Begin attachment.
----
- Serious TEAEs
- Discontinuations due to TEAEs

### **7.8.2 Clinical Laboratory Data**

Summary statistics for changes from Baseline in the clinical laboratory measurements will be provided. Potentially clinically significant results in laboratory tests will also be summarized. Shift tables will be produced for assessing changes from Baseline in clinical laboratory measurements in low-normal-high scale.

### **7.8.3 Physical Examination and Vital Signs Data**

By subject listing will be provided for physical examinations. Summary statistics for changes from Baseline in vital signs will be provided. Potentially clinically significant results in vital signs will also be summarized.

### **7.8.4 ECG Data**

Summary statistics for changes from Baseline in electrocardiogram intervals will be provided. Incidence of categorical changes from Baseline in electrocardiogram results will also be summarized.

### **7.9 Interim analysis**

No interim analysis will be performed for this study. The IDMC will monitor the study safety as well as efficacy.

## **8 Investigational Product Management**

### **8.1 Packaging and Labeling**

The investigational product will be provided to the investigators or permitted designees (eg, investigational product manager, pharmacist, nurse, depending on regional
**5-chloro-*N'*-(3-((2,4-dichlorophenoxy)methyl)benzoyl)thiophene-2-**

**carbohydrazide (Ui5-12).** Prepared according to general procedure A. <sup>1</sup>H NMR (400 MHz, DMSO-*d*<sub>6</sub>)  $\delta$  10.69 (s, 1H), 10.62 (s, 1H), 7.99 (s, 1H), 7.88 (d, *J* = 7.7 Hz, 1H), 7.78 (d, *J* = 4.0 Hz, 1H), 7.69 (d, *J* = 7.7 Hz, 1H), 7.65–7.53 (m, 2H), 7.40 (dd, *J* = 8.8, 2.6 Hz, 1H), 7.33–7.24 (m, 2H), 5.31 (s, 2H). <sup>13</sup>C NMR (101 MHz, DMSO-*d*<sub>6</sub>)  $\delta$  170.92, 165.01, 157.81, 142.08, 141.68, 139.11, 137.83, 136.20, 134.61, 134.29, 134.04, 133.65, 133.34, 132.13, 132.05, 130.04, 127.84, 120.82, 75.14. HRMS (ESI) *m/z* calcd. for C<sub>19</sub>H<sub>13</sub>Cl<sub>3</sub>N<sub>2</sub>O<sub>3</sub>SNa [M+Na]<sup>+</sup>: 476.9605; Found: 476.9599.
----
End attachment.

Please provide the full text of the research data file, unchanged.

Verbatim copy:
- Serious TEAEs
- Discontinuations due to TEAEs

### **7.8.2 Clinical Laboratory Data**

Summary statistics for changes from Baseline in the clinical laboratory measurements will be provided. Potentially clinically significant results in laboratory tests will also be summarized. Shift tables will be produced for assessing changes from Baseline in clinical laboratory measurements in low-normal-high scale.

### **7.8.3 Physical Examination and Vital Signs Data**

By subject listing will be provided for physical examinations. Summary statistics for changes from Baseline in vital signs will be provided. Potentially clinically significant results in vital signs will also be summarized.

### **7.8.4 ECG Data**

Summary statistics for changes from Baseline in electrocardiogram intervals will be provided. Incidence of categorical changes from Baseline in electrocardiogram results will also be summarized.

### **7.9 Interim analysis**

No interim analysis will be performed for this study. The IDMC will monitor the study safety as well as efficacy.

## **8 Investigational Product Management**

### **8.1 Packaging and Labeling**

The investigational product will be provided to the investigators or permitted designees (eg, investigational product manager, pharmacist, nurse, depending on regional
**5-chloro-*N'*-(3-((2,4-dichlorophenoxy)methyl)benzoyl)thiophene-2-**

**carbohydrazide (Ui5-12).** Prepared according to general procedure A. <sup>1</sup>H NMR (400 MHz, DMSO-*d*<sub>6</sub>)  $\delta$  10.69 (s, 1H), 10.62 (s, 1H), 7.99 (s, 1H), 7.88 (d, *J* = 7.7 Hz, 1H), 7.78 (d, *J* = 4.0 Hz, 1H), 7.69 (d, *J* = 7.7 Hz, 1H), 7.65–7.53 (m, 2H), 7.40 (dd, *J* = 8.8, 2.6 Hz, 1H), 7.33–7.24 (m, 2H), 5.31 (s, 2H). <sup>13</sup>C NMR (101 MHz, DMSO-*d*<sub>6</sub>)  $\delta$  170.92, 165.01, 157.81, 142.08, 141.68, 139.11, 137.83, 136.20, 134.61, 134.29, 134.04, 133.65, 133.34, 132.13, 132.05, 130.04, 127.84, 120.82, 75.14. HRMS (ESI) *m/z* calcd. for C<sub>19</sub>H<sub>13</sub>Cl<sub>3</sub>N<sub>2</sub>O<sub>3</sub>SNa [M+Na]<sup>+</sup>: 476.9605; Found: 476.9599.